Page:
In other ways, the label wasn’t helpful. In spite of it, I didn’t continue to take my problem seriously. I often felt – still feel – that I wasn’t ‘good enough’ at my eating disorder, that my weight has never really been low enough to justify the label. I wasn’t a ‘proper’ anorexic because I functioned so well. The label and the expectations associated with it, hooked me in. I wonder if it is also misleading, as though an ‘eating disorder’ exists separately from other difficulties, when clearly it is intricately bound up with them, and still needs to be tackled directly. But it’s easy to blame everything on a diagnosis and ‘illness’ (and the person with the label) than to look at ourselves or the complex interactions within relationships and social networks that may be contributing. There’s also a common narrative around each label, and the narrative around eating disorders = selfish, narcissistic, chosen behaviour. But I didn’t want to be seen and I find being more physically visibly excruciating. I probably was trying to communicate distress, initially, but why is that so bad? If I had felt able to use my voice I imagine I would have done.

At the same time, if I had only paid attention to fixing my wider context and ignored my eating behaviour, I definitely wouldn’t have gained the (necessary) weight I have so far, because everything was very entrenched, and food, even now, needs to be actively faced and worked on. I can’t do that on my own because my mind so easily gets confused, pulls me back to restriction and that still, unfortunately feels quite natural. That’s probably not surprising given the length of time this has been my ‘normal’. At present my circumstances are very supportive of recovery, and I feel incredibly grateful for that. They haven’t always been and I don’t think at those times change was ever a realistic possibility. I was distressed, I felt (was?) tremendously isolated and my environment didn’t feel safe psychologically, and sometimes was not safe physically, either.

So what’s the alternative to the language of ‘disorder’? ‘Eating distress’, ‘disordered eating’, ‘food issues’. The general sense I get from speaking to people is that the label provides access to treatment and validates the severity of their problem. Lots of people have disordered eating patterns, but they don’t have an overwhelming drive to lose or maintain a too-low weight, they don’t hold extreme, rigid ideas around weight and shape, or they don’t binge and purge to a degree that dangerously impacts their health or relationships. Some say say that formulation is more helpful, but that it’s difficult to find a word to sum up the breadth of their experience in everyday life. Formulation does seem to be helping me to place my eating patterns into a broader context, to notice how things fit together. It validates some of my responses as meaningful within the context they developed. I hope that in time it will help me to relate differently within myself and with others, including to my ‘eating disorder’. I personally prefer the term ‘distress’ to ‘disorder’. I also suspect that if I use that term, people will misunderstand me. I want to be taken seriously, so I use commonly accepted language. At the same time, I feel the label is misleading, because though my thoughts and patterns around food feel tormenting and limiting, they also definitely helped me to keep going and I don’t think it’s fair that I end up with a stigmatised label when all I did was try to cope with an overwhelming environment. It’s just a shame that the coping strategy that hooked me in was one that was ultimately silencing, seemed to take over my sense of who I am and repeated the punishing pattern it was an attempt to cope with.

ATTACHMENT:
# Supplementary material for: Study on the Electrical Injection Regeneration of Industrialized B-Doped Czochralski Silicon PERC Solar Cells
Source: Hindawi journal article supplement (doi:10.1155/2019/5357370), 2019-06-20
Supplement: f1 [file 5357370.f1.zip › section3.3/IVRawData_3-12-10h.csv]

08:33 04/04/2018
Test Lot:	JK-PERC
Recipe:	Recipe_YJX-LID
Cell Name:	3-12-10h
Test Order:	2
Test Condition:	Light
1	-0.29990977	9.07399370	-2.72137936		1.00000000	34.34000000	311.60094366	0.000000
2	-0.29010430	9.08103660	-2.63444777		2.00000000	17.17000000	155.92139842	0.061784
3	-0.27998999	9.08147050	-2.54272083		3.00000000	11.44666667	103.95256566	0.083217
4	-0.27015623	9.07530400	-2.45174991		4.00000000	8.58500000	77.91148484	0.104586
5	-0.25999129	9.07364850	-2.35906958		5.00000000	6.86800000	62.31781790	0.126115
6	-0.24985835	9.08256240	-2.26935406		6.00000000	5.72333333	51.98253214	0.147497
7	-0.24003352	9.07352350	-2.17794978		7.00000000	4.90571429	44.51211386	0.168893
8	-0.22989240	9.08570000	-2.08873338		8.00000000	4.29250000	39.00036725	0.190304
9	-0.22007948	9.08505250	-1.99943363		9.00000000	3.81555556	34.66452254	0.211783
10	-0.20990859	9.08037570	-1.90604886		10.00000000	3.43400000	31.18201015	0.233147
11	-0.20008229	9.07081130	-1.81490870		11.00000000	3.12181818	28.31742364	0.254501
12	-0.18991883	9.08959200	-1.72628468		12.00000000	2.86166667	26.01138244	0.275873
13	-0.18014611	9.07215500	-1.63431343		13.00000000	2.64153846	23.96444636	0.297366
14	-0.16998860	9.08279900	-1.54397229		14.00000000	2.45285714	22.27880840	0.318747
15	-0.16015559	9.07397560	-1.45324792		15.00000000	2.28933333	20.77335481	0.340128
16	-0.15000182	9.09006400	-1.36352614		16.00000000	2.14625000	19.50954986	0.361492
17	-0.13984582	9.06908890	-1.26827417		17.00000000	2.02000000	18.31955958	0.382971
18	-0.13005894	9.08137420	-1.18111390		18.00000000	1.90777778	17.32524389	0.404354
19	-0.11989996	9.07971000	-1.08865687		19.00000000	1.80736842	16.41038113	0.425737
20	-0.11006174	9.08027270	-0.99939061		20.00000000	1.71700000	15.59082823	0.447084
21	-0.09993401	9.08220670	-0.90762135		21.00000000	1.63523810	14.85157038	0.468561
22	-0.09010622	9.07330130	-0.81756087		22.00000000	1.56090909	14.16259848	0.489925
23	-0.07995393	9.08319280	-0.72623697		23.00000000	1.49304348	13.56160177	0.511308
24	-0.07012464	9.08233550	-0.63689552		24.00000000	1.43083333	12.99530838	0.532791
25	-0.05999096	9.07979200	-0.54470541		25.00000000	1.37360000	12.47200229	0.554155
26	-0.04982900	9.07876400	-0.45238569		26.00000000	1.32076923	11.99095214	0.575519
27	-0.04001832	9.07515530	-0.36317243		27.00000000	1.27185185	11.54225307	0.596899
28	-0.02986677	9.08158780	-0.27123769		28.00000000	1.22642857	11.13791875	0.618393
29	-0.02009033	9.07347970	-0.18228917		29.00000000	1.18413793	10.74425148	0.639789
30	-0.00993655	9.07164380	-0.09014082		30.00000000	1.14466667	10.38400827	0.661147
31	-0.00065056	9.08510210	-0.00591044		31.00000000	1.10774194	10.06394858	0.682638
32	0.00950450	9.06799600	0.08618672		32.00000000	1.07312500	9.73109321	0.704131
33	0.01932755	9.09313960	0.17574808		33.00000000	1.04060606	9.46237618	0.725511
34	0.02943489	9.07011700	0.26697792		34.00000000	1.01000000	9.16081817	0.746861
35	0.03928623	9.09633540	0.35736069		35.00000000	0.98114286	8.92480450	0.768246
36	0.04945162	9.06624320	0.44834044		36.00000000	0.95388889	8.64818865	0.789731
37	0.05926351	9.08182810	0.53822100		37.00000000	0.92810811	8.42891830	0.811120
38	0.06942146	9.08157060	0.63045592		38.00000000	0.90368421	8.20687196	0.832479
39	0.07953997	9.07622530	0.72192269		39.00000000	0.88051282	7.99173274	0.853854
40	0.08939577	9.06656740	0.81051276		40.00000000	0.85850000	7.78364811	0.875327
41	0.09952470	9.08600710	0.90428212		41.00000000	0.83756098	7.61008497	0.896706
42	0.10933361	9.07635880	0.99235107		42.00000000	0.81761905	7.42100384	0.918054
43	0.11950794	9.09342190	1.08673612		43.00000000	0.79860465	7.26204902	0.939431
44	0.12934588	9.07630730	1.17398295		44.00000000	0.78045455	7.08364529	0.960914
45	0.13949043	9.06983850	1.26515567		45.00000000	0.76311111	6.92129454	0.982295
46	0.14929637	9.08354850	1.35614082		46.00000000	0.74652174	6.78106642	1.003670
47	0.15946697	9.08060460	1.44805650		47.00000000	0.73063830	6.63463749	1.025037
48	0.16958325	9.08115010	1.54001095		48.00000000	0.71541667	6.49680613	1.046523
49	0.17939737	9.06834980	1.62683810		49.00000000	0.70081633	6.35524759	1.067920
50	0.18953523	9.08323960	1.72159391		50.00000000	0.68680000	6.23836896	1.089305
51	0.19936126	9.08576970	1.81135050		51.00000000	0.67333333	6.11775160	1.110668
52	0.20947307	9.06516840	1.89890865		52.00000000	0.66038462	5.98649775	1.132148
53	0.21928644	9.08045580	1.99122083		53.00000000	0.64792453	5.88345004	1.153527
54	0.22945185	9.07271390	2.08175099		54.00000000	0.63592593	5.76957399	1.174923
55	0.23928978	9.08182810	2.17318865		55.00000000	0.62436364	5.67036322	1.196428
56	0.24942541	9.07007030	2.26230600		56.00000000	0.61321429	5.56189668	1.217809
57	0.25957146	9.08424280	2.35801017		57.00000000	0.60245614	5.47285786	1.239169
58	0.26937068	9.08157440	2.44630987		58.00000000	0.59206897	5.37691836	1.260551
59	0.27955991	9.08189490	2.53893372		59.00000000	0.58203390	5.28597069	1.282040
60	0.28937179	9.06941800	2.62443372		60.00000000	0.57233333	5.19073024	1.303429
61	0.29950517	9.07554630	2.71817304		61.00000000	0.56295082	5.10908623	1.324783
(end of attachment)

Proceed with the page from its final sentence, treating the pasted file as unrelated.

I suppose what really matters is that we define our experience in a way that helps us to move closer to a kinder, easier relationship with ourselves and those around us. We all have our own unique story, so maybe it doesn’t make sense that we all connect with the same words. For me, disorder doesn’t sit comfortably, but if it makes sense to someone else, it’s their genuine choice and they are offered alternatives, that’s ok too.

So more questions than answers, but maybe that’s the point.


Join the conversation! 2 Comments

  1. You ‘ability with words’, Emma, never ceases to amaze me. Pragmatically, what you’ve said is so helpful and informative; but, on topic of that, the expressive excellence in how you did that also makes it a very rewarding read in other very satisfying ways too.


  2. I’ve just re-read what I wrote almost a year ago (on 28 November 2016); and my view remains exactly the same – Emma, your writing is so insightful, and wise: so, thank you again for it!



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About Emma


Eating Disorders, Mental Health, oppression, Recovery